ARIBO: Bringing Autonomous Vehicles to Military Bases, Campuses and Even City Streets

Initiated as a way to develop autonomous vehicles for the battlefield, Applied Robotics for Installations and Base Operations (ARIBO) has evolved to support a range of pilots for users, both within and outside the armed forces, to test autonomous vehicles and a fleet-management platform.
By Mary Catherine O'Connor
Jan 14, 2015

The soldier of the future may more closely resemble RoboCop than G.I. Joe. The U.S. Department of Defense is looking for ways in which to bring the power of robotics and advanced sensor networks to the battlefield, but the effort is still in its infancy and is starting with a project, borne from the U.S. Army Tank Automotive Research, Development and Engineering Center (TARDEC), that may eventually replace all soldier-driven tanks with autonomous unmanned ground vehicles. Such vehicles would be monitored by satellite or other wireless communication systems, via the Internet or local networks, and would likely use sensor networks to navigate themselves through battlefields and communicate with other vehicles and soldiers.

Battlefields are hostile environments. Testing and developing autonomous vehicles, therefore, begins outside the theater of operations, at military bases. Thanks to a project known as Applied Robotics for Installations and Base Operations (ARIBO), autonomous ground vehicles are also being tested and developed at locations as disparate as corporate campuses and metro transit systems.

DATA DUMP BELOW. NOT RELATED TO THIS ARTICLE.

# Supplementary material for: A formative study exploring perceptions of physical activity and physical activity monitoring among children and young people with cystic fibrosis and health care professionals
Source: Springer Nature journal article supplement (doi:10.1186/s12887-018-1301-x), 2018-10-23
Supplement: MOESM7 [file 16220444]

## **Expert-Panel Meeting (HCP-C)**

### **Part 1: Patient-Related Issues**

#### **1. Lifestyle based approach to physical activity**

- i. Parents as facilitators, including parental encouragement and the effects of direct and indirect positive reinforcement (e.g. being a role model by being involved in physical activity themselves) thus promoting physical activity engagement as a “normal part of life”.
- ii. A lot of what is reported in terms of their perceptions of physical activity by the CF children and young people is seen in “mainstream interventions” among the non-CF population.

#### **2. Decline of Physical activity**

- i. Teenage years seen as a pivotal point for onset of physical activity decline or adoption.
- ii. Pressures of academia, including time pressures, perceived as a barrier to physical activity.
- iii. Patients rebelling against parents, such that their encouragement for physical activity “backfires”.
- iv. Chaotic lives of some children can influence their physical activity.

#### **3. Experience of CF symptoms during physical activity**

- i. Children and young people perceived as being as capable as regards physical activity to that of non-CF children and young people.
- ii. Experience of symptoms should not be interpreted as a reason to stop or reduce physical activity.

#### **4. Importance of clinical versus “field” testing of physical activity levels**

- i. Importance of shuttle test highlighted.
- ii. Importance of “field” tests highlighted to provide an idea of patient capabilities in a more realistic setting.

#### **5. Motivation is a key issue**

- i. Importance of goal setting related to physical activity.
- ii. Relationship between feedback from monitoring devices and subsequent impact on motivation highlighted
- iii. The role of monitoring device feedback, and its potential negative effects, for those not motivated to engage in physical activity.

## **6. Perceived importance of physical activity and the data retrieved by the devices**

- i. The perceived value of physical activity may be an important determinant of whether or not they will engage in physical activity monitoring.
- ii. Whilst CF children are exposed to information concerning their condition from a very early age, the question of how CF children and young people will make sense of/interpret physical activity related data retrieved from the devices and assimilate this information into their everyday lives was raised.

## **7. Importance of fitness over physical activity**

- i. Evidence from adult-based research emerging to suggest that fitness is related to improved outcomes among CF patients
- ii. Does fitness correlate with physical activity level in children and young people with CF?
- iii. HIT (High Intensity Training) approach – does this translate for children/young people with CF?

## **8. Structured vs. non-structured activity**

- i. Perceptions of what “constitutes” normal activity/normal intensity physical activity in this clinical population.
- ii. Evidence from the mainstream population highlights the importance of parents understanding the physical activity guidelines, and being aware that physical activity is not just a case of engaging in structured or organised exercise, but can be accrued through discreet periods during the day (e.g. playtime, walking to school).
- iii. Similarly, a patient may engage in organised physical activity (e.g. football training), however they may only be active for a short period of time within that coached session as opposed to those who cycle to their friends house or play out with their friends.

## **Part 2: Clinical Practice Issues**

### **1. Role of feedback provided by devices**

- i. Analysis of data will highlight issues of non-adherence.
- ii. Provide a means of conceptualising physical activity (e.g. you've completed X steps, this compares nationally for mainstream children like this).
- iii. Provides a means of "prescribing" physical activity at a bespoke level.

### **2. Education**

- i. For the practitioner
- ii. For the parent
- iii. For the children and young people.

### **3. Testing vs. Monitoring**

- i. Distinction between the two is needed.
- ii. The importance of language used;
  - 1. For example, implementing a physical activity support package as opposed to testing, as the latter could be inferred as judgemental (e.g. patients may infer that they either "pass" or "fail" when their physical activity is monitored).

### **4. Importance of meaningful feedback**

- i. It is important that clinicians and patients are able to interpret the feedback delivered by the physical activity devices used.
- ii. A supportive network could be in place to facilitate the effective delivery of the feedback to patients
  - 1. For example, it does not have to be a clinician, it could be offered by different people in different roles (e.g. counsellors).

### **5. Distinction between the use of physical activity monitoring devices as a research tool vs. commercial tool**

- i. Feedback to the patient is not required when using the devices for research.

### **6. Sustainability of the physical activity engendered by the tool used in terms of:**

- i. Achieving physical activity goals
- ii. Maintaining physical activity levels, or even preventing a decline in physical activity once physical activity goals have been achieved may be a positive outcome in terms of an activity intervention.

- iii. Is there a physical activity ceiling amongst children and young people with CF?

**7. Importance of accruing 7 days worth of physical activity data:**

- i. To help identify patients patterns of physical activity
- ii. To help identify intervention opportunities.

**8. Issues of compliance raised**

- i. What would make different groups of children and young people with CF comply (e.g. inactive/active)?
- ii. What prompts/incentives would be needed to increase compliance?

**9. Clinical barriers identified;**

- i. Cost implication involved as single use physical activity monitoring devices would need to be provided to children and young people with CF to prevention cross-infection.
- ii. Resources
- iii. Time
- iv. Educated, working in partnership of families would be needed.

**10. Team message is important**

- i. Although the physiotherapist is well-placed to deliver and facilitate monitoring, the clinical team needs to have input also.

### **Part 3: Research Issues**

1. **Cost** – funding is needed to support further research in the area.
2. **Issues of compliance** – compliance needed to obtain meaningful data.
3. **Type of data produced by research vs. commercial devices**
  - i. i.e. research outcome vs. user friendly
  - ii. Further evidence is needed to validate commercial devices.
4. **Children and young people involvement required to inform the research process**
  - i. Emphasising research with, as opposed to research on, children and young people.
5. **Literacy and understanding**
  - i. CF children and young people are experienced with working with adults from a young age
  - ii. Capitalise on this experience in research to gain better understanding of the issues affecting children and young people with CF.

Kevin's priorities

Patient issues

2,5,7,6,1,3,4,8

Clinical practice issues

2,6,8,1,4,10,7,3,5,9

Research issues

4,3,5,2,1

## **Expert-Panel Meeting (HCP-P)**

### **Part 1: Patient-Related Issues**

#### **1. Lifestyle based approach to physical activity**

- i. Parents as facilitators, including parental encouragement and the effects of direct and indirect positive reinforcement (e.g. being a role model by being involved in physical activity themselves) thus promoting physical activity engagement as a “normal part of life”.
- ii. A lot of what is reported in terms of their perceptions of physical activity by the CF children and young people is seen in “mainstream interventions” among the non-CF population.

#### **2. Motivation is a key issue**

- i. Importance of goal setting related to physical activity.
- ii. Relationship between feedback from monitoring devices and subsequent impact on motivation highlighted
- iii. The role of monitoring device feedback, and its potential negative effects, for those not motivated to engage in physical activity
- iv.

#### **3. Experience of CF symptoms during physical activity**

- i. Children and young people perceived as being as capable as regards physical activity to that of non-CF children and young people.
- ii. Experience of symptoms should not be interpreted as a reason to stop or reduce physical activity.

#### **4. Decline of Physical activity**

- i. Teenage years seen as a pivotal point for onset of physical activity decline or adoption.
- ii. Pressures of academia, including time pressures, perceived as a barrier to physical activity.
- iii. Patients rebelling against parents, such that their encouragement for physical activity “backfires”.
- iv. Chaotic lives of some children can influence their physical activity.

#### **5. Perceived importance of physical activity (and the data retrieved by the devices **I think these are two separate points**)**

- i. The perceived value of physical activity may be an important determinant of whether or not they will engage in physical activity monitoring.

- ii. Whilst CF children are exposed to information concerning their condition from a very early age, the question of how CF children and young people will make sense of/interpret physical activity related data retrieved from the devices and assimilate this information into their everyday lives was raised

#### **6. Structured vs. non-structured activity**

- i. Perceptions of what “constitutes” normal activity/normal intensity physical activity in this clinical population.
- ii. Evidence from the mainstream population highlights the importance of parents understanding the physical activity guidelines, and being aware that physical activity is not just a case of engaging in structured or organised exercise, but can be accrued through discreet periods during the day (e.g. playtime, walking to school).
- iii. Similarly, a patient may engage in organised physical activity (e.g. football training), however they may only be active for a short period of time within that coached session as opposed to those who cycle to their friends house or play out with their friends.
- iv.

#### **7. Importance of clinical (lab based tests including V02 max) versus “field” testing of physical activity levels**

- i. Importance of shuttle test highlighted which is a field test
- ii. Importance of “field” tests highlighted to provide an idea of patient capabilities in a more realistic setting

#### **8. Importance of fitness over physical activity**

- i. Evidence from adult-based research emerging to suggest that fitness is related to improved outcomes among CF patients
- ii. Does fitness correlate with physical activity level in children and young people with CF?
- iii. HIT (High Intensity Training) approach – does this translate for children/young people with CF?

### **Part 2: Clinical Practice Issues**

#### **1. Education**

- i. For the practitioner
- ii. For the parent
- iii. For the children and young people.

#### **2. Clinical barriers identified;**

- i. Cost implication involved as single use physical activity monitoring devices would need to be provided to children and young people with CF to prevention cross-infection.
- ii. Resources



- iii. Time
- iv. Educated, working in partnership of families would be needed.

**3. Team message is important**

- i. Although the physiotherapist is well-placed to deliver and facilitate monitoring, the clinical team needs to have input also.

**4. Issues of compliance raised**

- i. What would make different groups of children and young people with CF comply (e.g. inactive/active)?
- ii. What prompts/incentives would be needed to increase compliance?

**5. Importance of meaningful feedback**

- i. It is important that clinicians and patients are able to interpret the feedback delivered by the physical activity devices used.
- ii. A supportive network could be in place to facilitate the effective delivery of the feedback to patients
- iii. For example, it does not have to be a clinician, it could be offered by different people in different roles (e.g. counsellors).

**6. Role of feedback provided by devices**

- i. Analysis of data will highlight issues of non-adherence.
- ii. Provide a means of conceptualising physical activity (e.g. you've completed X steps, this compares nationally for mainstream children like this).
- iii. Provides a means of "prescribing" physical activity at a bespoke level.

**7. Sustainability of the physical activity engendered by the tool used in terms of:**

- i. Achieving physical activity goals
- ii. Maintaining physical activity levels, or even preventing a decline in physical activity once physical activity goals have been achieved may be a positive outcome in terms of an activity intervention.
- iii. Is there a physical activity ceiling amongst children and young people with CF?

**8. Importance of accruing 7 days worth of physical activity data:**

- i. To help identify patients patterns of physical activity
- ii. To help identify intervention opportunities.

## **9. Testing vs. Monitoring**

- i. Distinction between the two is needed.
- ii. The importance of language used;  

The Navia (photo courtesy of Induct Technology)
ARIBO was born in 2011 when Jim Overholt, then the US Army's chief roboticist, realized that developing and using semi-autonomous vehicles on Army bases could serve to improve the military branch's knowledge base and build its fleet of vehicles that save on labor and fuel costs through the use of electrically powered vehicles. Corey Clothier, who was then working for TARDEC as a consultant, helped Overholt design and deploy the program.

"We sat in the cafeteria and developed a scrappy plan," Clothier recalls. They considered factors such as how to enlist military bases in a program to test unmanned vehicles, as well as how they might pay for such a program. "We wanted it to be collaborative for agencies within the federal government, and avoid duplicative efforts [among different groups]."

By late 2013, the team had identified three different partners. Fort Bragg was the first partner to join. It needed a program to reduce labor needs associated with the Warrior Transition Battalion—which rehabilitates injured service men and women at Fort Bragg's Womack Army Medical Center before returning them to service. These soldiers require transportation between their barracks and the hospital on a daily basis. While Fort Bragg had an adequate number of vehicles, Clothier says, it was having trouble staffing the fleet with as many drivers as the Warrior Transition program needed, based on the high number of wounded soldiers.

West Point joined ARIBO in order to test semi-autonomous vehicles for shuttling personnel and visitors around campus and to and from remote parking areas. Stanford University, which has a similar interest in the vehicles, signed on as well, looking for new ways in which to transport staff members and visiting scientists around the Stanford National Accelerator Laboratory (SLAC) campus.

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